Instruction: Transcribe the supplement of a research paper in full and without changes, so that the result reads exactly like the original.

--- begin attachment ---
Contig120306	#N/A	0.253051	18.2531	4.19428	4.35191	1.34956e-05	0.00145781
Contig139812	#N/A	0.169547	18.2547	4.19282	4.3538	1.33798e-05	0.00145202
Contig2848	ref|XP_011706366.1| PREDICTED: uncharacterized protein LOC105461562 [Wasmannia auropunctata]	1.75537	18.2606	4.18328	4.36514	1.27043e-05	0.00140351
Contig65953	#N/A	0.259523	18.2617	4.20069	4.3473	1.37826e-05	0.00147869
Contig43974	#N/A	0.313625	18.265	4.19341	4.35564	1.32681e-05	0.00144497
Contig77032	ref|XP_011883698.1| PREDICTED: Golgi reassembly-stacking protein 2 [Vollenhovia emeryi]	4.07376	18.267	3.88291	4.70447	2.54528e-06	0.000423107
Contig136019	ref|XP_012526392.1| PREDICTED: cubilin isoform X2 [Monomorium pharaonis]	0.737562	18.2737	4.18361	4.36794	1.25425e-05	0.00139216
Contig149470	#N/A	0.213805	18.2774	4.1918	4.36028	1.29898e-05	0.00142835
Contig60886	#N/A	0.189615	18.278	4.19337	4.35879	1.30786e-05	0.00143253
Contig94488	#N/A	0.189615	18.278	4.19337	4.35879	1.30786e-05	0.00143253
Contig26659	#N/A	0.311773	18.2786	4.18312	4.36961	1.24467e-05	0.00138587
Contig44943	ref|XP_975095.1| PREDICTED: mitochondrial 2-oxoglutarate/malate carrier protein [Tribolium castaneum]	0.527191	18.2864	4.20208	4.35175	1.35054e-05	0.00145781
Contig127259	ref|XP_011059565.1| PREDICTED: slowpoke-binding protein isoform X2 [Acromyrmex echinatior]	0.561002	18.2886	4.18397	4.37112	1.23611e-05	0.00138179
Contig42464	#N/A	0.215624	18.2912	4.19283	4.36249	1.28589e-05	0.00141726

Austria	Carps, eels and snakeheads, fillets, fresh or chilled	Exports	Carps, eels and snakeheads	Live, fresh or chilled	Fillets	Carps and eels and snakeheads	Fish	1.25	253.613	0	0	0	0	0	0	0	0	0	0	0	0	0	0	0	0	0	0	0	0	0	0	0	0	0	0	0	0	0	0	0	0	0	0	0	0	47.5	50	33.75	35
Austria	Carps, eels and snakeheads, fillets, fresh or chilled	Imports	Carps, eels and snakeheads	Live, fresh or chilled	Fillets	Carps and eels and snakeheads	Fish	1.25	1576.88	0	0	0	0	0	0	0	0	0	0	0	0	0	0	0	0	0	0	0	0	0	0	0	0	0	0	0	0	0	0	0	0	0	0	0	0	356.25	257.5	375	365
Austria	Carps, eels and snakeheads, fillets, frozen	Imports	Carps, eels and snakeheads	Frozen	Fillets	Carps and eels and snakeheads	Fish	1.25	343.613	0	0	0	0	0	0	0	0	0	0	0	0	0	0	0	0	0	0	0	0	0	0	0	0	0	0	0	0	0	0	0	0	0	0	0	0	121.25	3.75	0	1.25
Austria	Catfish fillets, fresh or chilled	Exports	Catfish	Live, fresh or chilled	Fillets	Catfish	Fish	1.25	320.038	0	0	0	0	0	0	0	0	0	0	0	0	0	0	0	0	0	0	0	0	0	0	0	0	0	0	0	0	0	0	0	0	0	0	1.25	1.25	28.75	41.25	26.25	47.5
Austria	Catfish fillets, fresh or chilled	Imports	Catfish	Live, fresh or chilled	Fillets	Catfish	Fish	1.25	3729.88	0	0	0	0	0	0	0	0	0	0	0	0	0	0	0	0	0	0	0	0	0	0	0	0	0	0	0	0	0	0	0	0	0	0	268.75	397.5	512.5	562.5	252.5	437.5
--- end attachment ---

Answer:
Contig120306	#N/A	0.253051	18.2531	4.19428	4.35191	1.34956e-05	0.00145781
Contig139812	#N/A	0.169547	18.2547	4.19282	4.3538	1.33798e-05	0.00145202
Contig2848	ref|XP_011706366.1| PREDICTED: uncharacterized protein LOC105461562 [Wasmannia auropunctata]	1.75537	18.2606	4.18328	4.36514	1.27043e-05	0.00140351
Contig65953	#N/A	0.259523	18.2617	4.20069	4.3473	1.37826e-05	0.00147869
Contig43974	#N/A	0.313625	18.265	4.19341	4.35564	1.32681e-05	0.00144497
Contig77032	ref|XP_011883698.1| PREDICTED: Golgi reassembly-stacking protein 2 [Vollenhovia emeryi]	4.07376	18.267	3.88291	4.70447	2.54528e-06	0.000423107
Contig136019	ref|XP_012526392.1| PREDICTED: cubilin isoform X2 [Monomorium pharaonis]	0.737562	18.2737	4.18361	4.36794	1.25425e-05	0.00139216
Contig149470	#N/A	0.213805	18.2774	4.1918	4.36028	1.29898e-05	0.00142835
Contig60886	#N/A	0.189615	18.278	4.19337	4.35879	1.30786e-05	0.00143253
Contig94488	#N/A	0.189615	18.278	4.19337	4.35879	1.30786e-05	0.00143253
Contig26659	#N/A	0.311773	18.2786	4.18312	4.36961	1.24467e-05	0.00138587
Contig44943	ref|XP_975095.1| PREDICTED: mitochondrial 2-oxoglutarate/malate carrier protein [Tribolium castaneum]	0.527191	18.2864	4.20208	4.35175	1.35054e-05	0.00145781
Contig127259	ref|XP_011059565.1| PREDICTED: slowpoke-binding protein isoform X2 [Acromyrmex echinatior]	0.561002	18.2886	4.18397	4.37112	1.23611e-05	0.00138179
Contig42464	#N/A	0.215624	18.2912	4.19283	4.36249	1.28589e-05	0.00141726

Austria	Carps, eels and snakeheads, fillets, fresh or chilled	Exports	Carps, eels and snakeheads	Live, fresh or chilled	Fillets	Carps and eels and snakeheads	Fish	1.25	253.613	0	0	0	0	0	0	0	0	0	0	0	0	0	0	0	0	0	0	0	0	0	0	0	0	0	0	0	0	0	0	0	0	0	0	0	0	47.5	50	33.75	35
Austria	Carps, eels and snakeheads, fillets, fresh or chilled	Imports	Carps, eels and snakeheads	Live, fresh or chilled	Fillets	Carps and eels and snakeheads	Fish	1.25	1576.88	0	0	0	0	0	0	0	0	0	0	0	0	0	0	0	0	0	0	0	0	0	0	0	0	0	0	0	0	0	0	0	0	0	0	0	0	356.25	257.5	375	365
Austria	Carps, eels and snakeheads, fillets, frozen	Imports	Carps, eels and snakeheads	Frozen	Fillets	Carps and eels and snakeheads	Fish	1.25	343.613	0	0	0	0	0	0	0	0	0	0	0	0	0	0	0	0	0	0	0	0	0	0	0	0	0	0	0	0	0	0	0	0	0	0	0	0	121.25	3.75	0	1.25
Austria	Catfish fillets, fresh or chilled	Exports	Catfish	Live, fresh or chilled	Fillets	Catfish	Fish	1.25	320.038	0	0	0	0	0	0	0	0	0	0	0	0	0	0	0	0	0	0	0	0	0	0	0	0	0	0	0	0	0	0	0	0	0	0	1.25	1.25	28.75	41.25	26.25	47.5
Austria	Catfish fillets, fresh or chilled	Imports	Catfish	Live, fresh or chilled	Fillets	Catfish	Fish	1.25	3729.88	0	0	0	0	0	0	0	0	0	0	0	0	0	0	0	0	0	0	0	0	0	0	0	0	0	0	0	0	0	0	0	0	0	0	268.75	397.5	512.5	562.5	252.5	437.5